Robert Warren Gould, a graduate student in the laboratory of Michael A. Nader, Ph.D., presented the study results Sunday at Experimental Biology 2008 in San Diego. The presentation was part of the scientific program of the American Society for Pharmacology and Experimental Therapeutics (ASPET).
Male cynomolgus monkeys live in a complex social structure in which the social hierarchy is established by physical aggression and maintained by clear signals. A monkey that has established his dominance over another monkey can elicit a subordinate response with no more than a meaningful look.
The researchers exposed four dominant and four subordinate monkeys to a socially stressful situation in which an individual monkey was taken out of his home cage and placed in an unfamiliar cage surrounded by four unfamiliar animals. The monkey was physically safe, but he could see and hear the animals around him engaging in aggressive behavior.
The study was performed twice, in order to ask two different types of questions. The first concerned brain activity caused by the stressful situation. Before being placed in the unfamiliar cage, each monkey had been injected with radioactively labeled glucose. After 40 minutes, each was given a PET brain imaging examination to see which parts of the brain were most active, as determined by which parts were using the most glucose. This type of brain imaging has been used frequently in humans to determine brain activity during various activities and situations. The scan of the individual monkey’s brain during the stressful situation was compared to earlier scans made when the animal had spent time simply sitting in his own familiar home cage without stress.
The brains of dominant monkeys and subordinate monkeys responded differently in both situations. In the normal situation of sitting in their home cage, subordinate monkeys displayed less activity than did the dominant monkeys in areas of the brain involved in stress and anxiety (the amygdala and hippocampus) and also in areas of the brain involved with emotional and social processing (anterior cingulate cortex).
Gould and Nader say these findings suggest monkeys that have to cope with constant, ongoing social stressors may have developed a lower level of brain activity even at rest. In the abnormal situation of being placed in an unfamiliar cage surrounded by unfamiliar and aggressively behaving monkeys, however, the subordinate monkeys showed pronounced decreased brain activity in areas of the brain involved with stress, anxiety, reward, and emotion, whereas the dominant monkeys showed increases in reward-related areas after the same situation.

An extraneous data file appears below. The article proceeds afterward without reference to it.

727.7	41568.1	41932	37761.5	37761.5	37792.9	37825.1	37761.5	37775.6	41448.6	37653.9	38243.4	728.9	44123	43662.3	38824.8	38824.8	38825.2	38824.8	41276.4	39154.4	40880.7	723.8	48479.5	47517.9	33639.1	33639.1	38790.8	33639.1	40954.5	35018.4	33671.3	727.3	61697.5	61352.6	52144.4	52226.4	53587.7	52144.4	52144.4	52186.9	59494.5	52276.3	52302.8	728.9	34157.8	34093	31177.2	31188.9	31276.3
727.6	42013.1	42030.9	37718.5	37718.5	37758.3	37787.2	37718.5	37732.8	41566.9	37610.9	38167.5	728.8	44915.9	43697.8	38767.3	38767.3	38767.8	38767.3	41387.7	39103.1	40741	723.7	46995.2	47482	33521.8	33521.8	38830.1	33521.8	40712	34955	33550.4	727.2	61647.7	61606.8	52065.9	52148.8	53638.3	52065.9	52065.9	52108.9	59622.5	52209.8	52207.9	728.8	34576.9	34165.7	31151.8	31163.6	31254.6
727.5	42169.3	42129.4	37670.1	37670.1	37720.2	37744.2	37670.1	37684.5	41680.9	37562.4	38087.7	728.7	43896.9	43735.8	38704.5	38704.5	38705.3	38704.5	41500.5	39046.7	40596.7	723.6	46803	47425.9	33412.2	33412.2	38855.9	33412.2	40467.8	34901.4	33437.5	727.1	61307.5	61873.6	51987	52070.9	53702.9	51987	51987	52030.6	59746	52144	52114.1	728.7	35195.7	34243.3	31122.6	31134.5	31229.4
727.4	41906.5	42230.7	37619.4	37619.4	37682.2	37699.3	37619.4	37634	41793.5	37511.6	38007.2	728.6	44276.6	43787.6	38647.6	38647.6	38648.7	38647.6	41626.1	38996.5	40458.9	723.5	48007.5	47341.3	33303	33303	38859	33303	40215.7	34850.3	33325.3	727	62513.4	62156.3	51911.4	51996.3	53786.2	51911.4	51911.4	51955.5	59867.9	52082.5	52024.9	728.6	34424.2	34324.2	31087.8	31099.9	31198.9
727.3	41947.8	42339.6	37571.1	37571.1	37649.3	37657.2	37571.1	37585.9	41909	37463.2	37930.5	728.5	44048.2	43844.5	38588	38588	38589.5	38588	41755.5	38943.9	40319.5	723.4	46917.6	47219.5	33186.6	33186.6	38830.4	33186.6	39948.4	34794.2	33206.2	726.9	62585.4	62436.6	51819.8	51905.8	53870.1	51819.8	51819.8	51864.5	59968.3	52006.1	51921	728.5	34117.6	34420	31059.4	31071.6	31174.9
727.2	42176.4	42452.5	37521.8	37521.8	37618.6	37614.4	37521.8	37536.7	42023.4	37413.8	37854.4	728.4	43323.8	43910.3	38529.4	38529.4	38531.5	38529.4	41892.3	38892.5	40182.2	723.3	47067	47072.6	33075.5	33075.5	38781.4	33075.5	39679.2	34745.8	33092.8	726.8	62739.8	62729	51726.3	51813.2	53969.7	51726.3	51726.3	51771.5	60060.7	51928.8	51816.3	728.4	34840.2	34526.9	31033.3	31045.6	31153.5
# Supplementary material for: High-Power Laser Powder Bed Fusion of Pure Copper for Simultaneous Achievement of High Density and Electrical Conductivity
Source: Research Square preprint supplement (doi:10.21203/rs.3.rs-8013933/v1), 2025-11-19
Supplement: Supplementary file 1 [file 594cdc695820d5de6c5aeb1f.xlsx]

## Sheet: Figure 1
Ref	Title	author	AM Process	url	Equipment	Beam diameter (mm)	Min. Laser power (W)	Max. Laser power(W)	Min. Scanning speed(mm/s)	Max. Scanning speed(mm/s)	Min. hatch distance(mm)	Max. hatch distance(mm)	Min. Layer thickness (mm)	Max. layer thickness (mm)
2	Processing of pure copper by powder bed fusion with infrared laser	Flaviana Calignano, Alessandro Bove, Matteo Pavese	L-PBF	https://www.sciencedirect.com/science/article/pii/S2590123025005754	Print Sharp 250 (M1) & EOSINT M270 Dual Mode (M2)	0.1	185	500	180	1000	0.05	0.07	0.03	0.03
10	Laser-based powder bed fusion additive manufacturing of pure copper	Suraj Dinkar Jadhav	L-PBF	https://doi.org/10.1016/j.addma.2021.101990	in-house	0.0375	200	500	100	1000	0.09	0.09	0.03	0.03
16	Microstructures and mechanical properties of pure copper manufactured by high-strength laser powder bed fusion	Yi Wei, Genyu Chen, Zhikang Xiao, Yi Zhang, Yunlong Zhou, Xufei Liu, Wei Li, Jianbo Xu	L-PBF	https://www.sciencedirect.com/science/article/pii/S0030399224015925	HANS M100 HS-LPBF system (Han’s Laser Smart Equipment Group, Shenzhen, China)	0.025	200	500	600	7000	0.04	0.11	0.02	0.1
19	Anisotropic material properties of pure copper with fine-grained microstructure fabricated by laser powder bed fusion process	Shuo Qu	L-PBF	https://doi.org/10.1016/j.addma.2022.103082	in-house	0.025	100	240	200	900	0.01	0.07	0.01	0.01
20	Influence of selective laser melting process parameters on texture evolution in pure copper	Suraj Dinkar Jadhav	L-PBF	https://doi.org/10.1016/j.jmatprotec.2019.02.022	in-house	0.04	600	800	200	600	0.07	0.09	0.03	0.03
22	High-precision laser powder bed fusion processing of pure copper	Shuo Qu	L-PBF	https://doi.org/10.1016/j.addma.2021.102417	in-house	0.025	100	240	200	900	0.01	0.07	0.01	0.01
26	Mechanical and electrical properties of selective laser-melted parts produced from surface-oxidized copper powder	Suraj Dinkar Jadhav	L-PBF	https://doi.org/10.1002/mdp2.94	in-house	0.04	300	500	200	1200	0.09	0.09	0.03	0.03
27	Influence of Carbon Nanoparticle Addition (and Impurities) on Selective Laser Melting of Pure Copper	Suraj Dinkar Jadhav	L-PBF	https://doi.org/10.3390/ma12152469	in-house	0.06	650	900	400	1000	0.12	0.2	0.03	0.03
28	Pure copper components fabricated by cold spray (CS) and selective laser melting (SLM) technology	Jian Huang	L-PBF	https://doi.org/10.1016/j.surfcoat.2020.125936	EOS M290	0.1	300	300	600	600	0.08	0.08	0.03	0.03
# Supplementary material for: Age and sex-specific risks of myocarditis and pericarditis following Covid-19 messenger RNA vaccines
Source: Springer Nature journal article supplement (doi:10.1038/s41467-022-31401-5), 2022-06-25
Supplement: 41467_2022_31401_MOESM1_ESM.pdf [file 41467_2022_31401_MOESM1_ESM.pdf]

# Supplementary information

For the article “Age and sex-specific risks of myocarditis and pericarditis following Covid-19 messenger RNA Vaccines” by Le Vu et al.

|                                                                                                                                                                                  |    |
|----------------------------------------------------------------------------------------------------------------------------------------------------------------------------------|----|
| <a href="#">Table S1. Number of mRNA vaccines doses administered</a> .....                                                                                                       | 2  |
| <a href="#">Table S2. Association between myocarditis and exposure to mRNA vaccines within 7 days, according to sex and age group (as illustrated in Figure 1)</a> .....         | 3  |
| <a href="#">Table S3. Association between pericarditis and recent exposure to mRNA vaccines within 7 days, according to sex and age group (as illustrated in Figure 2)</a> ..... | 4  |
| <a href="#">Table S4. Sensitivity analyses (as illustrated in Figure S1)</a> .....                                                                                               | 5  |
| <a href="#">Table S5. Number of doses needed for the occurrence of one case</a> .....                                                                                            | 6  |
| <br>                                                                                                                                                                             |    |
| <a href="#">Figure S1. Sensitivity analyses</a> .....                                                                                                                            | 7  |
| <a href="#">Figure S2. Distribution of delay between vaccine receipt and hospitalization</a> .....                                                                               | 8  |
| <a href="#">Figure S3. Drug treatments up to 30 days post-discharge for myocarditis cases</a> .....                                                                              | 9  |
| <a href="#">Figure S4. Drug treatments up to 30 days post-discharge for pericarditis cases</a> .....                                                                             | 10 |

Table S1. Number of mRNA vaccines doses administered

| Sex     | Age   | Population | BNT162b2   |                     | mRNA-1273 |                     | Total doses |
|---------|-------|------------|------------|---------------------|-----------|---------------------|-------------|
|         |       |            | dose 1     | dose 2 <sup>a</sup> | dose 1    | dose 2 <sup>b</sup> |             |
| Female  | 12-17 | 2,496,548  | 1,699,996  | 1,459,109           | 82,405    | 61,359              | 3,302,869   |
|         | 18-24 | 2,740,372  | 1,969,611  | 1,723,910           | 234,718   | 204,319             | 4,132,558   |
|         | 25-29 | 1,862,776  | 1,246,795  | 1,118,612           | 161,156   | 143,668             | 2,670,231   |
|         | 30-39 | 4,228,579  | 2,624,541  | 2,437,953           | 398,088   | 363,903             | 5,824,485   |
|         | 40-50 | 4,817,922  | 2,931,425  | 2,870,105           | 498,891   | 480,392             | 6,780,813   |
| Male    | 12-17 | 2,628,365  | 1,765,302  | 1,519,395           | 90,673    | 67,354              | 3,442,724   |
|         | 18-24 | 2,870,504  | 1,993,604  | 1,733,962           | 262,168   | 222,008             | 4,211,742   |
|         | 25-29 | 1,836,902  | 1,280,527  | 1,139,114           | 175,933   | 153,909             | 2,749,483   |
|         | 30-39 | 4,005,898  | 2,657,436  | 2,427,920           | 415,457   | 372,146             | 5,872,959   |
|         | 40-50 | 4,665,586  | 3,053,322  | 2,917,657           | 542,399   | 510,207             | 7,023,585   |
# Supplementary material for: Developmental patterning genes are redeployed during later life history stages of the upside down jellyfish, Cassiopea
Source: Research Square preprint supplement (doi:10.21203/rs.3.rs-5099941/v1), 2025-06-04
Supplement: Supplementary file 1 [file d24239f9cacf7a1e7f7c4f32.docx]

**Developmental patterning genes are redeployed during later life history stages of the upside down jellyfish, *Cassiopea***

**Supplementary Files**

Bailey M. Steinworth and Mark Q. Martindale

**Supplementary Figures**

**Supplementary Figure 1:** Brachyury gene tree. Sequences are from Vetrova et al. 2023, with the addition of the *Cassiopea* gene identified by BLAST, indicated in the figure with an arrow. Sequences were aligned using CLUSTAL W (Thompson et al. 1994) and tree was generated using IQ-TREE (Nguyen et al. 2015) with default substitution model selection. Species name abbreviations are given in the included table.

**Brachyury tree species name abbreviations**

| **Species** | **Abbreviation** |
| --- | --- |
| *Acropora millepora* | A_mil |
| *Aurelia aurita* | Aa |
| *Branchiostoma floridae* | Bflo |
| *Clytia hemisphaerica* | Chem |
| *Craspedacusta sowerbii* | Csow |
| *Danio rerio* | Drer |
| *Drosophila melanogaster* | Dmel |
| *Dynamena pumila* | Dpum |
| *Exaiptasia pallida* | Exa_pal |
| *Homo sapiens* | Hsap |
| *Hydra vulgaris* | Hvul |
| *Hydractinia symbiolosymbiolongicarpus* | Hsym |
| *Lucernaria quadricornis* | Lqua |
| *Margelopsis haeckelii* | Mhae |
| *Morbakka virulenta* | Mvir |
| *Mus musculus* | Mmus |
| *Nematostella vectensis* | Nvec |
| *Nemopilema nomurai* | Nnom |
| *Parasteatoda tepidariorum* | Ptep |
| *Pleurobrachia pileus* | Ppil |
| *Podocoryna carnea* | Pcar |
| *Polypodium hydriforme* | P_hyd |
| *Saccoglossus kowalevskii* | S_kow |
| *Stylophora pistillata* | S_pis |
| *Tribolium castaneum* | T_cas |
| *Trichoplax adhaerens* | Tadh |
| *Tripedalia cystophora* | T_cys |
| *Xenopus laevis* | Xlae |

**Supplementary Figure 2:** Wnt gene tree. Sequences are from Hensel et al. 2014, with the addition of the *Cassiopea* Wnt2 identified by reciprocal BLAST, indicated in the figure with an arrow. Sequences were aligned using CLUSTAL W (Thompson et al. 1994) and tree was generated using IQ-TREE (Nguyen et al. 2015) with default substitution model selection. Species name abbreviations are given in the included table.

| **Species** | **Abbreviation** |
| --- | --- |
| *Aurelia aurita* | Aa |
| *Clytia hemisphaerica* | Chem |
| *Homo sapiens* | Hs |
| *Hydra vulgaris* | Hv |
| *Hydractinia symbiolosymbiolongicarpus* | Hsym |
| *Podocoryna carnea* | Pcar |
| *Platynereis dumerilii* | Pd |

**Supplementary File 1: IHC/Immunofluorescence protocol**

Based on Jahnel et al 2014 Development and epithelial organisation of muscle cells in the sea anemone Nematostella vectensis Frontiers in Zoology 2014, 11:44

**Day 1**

In a separate part of the study, researchers looked at the effect of the stressful situation on the likelihood that monkeys would use cocaine. After the 40 minutes in the unfamiliar cage surrounded by other monkeys, each monkey could choose between pressing a lever that they knew delivered cocaine or one that they knew delivered a food reward. The subordinate monkey was more likely to choose cocaine while the dominant monkey was less likely to choose cocaine after this encounter, compared to their respective typical choices during the days preceding this encounter.
These differences in both brain activity and the likelihood of using cocaine between animals of different social rank offer clues to the social context of drug use and addiction in humans, say the researchers. Nader said, “We believe this type of research can be used to identify better treatment strategies, including providing environmental enrichment, that may affect the likelihood of abusing drugs.”